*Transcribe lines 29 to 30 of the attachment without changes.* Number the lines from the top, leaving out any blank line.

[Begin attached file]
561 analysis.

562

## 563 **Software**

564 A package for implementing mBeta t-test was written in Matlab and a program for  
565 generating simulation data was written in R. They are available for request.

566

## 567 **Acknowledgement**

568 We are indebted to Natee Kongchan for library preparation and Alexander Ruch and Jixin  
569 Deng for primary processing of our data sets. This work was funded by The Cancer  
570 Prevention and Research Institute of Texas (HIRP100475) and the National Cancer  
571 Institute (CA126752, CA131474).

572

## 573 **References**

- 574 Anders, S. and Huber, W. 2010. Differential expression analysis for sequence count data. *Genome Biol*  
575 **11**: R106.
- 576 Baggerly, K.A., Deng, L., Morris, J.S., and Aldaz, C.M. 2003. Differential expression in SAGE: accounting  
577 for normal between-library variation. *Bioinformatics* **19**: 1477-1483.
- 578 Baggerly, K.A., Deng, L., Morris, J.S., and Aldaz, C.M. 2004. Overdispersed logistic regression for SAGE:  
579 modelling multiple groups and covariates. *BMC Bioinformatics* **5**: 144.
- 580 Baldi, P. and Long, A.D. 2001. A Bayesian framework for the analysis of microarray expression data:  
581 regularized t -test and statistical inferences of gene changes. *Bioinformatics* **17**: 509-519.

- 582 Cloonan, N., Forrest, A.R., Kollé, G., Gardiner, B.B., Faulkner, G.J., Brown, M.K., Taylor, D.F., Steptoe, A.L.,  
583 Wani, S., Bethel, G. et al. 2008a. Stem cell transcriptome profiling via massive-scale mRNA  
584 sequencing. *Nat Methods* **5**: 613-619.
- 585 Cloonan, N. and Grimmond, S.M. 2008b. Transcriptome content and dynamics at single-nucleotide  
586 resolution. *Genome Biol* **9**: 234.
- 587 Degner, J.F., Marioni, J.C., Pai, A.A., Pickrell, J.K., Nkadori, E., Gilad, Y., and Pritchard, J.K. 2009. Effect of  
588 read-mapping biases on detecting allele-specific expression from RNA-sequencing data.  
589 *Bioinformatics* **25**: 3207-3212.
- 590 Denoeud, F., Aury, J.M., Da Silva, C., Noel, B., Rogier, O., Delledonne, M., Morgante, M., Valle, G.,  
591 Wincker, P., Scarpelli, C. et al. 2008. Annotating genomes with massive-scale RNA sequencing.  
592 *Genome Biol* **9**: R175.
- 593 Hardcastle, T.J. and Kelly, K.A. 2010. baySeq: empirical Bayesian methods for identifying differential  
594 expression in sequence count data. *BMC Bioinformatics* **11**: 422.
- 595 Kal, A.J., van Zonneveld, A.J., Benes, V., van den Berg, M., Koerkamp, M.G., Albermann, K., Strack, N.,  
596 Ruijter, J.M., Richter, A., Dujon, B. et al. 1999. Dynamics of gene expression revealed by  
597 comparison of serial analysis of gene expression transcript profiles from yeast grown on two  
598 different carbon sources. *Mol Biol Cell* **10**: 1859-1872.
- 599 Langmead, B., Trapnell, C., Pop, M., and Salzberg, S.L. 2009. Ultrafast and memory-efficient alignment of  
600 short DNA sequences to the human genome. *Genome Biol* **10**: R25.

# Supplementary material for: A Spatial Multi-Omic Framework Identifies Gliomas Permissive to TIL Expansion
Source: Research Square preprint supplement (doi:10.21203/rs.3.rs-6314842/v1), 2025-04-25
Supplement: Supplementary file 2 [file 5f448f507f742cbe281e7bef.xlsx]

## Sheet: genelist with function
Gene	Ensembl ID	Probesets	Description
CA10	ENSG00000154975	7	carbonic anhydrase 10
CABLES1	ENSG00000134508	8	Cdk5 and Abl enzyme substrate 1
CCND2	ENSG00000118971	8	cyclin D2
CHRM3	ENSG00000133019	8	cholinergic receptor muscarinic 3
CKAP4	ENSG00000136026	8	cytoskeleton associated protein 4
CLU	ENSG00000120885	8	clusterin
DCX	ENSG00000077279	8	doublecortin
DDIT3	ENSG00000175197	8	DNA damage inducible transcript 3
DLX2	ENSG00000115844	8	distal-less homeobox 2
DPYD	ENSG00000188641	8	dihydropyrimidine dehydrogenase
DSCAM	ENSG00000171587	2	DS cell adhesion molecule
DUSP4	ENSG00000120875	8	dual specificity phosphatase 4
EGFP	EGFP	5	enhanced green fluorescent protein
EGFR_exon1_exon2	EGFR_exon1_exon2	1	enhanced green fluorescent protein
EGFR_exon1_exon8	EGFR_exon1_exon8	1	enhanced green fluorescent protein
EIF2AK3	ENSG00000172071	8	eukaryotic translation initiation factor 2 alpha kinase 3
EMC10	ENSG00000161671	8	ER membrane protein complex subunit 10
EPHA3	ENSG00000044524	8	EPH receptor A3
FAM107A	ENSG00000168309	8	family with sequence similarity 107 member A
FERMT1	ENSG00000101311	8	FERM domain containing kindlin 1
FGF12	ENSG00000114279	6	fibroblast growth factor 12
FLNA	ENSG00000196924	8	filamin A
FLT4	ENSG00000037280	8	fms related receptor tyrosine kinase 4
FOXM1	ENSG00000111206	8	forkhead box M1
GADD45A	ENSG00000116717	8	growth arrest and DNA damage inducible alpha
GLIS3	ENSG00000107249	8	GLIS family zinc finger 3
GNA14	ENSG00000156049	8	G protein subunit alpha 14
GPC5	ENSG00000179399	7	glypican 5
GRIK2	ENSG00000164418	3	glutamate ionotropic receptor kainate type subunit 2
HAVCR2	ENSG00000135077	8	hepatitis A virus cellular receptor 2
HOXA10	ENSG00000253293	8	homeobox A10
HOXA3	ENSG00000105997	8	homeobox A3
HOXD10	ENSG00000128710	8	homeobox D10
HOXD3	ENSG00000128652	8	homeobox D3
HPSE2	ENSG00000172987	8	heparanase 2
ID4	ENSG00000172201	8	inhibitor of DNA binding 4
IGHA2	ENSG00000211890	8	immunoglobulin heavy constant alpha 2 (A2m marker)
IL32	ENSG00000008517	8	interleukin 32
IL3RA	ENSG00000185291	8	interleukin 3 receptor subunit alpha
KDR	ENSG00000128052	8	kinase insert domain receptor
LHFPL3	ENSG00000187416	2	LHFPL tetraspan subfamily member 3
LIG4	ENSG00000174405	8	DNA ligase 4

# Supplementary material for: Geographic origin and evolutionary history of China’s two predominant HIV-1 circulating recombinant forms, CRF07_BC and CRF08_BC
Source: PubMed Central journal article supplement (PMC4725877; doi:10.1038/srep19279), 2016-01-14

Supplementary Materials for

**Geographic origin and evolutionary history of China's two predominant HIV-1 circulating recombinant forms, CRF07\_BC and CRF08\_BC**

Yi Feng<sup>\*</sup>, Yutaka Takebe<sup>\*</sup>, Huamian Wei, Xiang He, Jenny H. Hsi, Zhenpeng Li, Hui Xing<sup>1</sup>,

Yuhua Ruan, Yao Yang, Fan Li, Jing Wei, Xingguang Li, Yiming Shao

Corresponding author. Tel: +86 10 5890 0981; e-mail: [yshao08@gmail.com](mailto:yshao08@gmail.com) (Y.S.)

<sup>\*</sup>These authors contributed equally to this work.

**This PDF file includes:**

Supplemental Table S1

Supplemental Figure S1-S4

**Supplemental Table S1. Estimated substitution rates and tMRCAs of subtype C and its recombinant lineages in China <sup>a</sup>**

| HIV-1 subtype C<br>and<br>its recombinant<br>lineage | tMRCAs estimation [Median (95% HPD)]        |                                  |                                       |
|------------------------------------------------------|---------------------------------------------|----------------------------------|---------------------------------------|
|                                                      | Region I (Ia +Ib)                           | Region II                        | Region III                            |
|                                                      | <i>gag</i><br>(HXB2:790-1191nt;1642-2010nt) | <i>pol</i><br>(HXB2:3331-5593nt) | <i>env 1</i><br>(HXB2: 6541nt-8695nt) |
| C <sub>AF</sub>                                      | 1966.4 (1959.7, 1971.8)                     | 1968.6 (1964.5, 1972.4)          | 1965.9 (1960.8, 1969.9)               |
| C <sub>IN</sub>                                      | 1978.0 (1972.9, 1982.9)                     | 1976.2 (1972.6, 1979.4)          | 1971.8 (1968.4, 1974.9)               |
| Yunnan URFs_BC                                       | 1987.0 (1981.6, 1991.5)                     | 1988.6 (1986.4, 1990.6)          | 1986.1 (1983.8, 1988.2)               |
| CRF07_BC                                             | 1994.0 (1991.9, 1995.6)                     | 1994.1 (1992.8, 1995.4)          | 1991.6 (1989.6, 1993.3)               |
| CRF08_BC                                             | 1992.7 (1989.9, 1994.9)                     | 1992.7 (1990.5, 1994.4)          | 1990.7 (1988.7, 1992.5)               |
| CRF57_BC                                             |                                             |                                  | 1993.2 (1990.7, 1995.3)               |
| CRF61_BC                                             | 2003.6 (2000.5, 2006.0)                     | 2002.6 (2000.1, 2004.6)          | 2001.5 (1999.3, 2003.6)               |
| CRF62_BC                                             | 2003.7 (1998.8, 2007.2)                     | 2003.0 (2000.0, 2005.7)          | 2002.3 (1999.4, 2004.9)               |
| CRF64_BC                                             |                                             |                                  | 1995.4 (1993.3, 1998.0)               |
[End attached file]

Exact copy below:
589 *Bioinformatics* **25**: 3207-3212.
- 590 Denoeud, F., Aury, J.M., Da Silva, C., Noel, B., Rogier, O., Delledonne, M., Morgante, M., Valle, G.,  